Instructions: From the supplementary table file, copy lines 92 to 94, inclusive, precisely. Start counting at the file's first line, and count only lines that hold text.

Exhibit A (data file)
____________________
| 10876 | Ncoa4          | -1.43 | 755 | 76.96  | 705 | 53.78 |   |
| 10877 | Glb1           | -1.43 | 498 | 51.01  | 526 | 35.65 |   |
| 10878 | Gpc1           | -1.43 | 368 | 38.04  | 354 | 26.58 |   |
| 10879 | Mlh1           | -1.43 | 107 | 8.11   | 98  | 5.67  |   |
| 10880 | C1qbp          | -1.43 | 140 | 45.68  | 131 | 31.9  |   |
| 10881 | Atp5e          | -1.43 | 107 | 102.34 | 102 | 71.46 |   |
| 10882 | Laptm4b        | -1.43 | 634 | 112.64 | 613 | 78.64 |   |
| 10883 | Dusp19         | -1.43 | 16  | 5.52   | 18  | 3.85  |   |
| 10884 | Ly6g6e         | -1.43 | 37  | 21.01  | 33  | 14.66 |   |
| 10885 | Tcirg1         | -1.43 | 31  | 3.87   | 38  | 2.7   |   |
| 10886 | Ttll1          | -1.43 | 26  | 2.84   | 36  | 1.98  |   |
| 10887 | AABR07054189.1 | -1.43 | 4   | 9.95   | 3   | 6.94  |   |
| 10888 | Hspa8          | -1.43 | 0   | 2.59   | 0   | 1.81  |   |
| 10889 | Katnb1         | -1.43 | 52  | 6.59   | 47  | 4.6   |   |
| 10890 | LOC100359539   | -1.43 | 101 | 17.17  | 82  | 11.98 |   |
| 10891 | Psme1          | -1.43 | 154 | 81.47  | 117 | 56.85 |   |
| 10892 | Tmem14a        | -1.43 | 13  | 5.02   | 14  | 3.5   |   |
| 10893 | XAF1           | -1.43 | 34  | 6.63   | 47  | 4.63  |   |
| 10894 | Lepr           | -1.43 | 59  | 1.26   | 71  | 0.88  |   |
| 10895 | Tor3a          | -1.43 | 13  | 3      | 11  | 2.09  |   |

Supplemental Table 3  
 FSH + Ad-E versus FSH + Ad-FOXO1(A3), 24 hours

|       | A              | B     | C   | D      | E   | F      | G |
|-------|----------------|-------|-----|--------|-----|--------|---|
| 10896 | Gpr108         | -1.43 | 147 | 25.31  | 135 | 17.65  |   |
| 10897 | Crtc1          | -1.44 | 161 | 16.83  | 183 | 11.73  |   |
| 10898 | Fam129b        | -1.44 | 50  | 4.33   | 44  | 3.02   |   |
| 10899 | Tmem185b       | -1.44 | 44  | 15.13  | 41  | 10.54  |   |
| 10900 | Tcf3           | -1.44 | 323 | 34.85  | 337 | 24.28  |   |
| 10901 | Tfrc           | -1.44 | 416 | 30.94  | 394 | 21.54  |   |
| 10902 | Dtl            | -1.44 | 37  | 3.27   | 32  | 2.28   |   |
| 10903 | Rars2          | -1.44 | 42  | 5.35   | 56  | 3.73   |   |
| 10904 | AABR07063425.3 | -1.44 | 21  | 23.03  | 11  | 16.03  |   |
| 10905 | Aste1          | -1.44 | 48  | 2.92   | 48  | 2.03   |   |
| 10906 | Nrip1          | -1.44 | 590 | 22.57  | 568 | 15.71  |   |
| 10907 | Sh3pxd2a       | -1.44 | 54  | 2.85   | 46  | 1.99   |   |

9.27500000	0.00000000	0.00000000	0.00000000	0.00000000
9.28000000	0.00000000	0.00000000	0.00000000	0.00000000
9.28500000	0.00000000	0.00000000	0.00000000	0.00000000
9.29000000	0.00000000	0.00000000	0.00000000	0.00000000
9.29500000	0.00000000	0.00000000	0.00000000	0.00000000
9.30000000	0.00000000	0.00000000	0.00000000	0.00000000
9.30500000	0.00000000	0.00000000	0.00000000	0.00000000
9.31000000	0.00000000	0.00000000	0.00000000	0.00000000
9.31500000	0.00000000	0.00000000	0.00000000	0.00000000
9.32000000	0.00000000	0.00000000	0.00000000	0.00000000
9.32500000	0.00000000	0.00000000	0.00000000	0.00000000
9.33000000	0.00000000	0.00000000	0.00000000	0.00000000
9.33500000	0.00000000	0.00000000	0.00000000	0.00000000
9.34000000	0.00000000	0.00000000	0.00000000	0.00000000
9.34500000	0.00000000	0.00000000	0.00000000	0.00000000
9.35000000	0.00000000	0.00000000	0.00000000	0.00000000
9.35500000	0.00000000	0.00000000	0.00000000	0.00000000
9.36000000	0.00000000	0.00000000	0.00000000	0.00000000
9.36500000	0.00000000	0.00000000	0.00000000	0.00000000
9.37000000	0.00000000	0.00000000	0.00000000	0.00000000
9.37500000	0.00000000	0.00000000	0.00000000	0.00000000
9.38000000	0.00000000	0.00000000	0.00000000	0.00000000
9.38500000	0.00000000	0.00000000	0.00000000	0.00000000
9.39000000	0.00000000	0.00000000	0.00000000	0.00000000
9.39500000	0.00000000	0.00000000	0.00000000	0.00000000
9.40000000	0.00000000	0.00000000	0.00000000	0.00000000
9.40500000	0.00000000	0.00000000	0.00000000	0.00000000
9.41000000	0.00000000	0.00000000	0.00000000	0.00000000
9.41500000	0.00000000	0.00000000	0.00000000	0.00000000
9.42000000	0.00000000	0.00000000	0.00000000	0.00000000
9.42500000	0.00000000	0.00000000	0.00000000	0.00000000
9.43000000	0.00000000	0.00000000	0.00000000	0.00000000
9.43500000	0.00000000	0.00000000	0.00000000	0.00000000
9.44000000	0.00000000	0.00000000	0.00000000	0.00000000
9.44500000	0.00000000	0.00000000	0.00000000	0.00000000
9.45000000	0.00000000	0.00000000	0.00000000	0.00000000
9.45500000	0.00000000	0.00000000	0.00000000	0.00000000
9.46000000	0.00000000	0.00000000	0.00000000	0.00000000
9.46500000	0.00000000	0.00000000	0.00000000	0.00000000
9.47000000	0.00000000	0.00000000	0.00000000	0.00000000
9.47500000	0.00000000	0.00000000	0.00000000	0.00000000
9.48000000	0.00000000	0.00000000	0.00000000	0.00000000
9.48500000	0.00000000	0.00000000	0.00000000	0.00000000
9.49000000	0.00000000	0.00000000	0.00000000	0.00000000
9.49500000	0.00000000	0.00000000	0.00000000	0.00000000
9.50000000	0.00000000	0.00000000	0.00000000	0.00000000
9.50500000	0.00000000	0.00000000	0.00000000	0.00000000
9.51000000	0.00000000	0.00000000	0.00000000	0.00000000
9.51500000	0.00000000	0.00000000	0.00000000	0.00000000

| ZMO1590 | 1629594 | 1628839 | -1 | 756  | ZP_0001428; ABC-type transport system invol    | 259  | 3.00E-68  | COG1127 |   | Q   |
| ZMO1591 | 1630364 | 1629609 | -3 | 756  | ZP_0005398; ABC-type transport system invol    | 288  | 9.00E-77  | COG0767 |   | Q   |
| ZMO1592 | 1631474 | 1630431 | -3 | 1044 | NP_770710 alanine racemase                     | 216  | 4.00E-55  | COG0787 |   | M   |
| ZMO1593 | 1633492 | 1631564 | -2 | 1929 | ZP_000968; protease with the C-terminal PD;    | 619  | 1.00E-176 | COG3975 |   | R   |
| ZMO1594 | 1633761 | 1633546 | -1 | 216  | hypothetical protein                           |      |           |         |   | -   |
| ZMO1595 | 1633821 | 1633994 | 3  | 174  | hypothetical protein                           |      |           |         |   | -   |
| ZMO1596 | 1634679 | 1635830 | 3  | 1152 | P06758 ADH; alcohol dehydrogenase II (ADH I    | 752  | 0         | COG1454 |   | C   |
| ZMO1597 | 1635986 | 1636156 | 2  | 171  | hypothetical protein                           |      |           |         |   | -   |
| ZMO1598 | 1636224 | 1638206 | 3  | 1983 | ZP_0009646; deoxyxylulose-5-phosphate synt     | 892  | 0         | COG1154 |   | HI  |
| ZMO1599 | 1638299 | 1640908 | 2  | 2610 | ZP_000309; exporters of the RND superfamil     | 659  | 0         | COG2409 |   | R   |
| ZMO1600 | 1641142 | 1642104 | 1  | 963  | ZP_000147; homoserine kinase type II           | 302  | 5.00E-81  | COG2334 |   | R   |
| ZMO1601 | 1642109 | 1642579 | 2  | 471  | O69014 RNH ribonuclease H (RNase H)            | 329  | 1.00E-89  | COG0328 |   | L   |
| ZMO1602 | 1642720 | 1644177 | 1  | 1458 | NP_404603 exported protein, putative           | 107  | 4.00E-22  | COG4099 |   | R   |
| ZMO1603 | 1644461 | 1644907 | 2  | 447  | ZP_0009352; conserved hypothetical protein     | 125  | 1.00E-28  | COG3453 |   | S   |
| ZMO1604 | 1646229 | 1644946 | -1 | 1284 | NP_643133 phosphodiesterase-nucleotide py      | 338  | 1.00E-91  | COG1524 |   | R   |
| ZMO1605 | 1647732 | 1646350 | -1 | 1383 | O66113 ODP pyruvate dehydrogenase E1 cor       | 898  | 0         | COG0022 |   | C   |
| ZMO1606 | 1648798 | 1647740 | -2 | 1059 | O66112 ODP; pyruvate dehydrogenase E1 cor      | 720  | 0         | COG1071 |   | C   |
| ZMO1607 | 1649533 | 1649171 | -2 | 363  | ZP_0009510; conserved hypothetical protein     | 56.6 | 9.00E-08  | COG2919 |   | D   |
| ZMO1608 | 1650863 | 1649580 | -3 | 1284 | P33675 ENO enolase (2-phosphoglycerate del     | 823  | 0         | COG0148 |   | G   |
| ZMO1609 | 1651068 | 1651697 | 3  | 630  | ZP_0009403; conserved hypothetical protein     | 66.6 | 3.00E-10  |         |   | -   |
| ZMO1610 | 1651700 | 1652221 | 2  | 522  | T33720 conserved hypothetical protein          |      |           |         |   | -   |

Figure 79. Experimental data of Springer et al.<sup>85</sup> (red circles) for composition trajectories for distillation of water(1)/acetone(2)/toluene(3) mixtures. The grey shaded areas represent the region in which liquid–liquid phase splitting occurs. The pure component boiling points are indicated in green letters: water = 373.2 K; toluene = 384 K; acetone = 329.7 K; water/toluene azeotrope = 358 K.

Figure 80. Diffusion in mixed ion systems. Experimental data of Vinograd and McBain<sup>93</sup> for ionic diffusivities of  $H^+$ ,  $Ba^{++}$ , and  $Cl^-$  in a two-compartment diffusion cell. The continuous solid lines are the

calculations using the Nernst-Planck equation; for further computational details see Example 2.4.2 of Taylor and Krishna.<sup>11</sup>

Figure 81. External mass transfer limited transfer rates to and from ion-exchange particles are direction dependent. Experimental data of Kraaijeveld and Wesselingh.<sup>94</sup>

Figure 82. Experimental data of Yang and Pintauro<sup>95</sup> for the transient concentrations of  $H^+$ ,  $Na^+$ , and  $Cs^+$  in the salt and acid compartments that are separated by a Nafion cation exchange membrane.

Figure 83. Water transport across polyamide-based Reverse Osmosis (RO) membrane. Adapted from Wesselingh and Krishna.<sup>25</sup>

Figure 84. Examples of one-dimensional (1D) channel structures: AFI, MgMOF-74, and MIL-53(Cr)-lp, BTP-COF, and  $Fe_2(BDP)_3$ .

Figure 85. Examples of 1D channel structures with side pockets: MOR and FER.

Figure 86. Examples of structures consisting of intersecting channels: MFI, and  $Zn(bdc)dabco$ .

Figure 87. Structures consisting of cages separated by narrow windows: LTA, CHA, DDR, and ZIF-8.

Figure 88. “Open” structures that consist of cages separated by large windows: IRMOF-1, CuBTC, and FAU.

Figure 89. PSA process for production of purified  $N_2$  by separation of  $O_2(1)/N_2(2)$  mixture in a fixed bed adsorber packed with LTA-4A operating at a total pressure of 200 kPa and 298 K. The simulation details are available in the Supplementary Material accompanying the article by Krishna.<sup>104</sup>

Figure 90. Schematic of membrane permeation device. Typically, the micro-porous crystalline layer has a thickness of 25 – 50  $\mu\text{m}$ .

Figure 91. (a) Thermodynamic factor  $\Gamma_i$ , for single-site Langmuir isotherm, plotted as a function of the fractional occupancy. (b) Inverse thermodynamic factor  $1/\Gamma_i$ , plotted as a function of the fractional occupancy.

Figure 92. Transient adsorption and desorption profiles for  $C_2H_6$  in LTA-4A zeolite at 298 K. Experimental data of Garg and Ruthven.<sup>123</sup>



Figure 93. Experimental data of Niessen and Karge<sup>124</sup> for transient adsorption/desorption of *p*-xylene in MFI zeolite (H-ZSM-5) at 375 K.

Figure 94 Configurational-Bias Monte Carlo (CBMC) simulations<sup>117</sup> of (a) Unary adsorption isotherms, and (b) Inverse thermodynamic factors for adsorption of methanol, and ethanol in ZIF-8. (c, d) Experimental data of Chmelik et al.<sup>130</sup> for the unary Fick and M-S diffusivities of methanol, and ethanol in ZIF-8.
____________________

| ZMO1596 | 1634679 | 1635830 | 3  | 1152 | P06758 ADH; alcohol dehydrogenase II (ADH I    | 752  | 0         | COG1454 |   | C   |
| ZMO1597 | 1635986 | 1636156 | 2  | 171  | hypothetical protein                           |      |           |         |   | -   |
| ZMO1598 | 1636224 | 1638206 | 3  | 1983 | ZP_0009646; deoxyxylulose-5-phosphate synt     | 892  | 0         | COG1154 |   | HI  |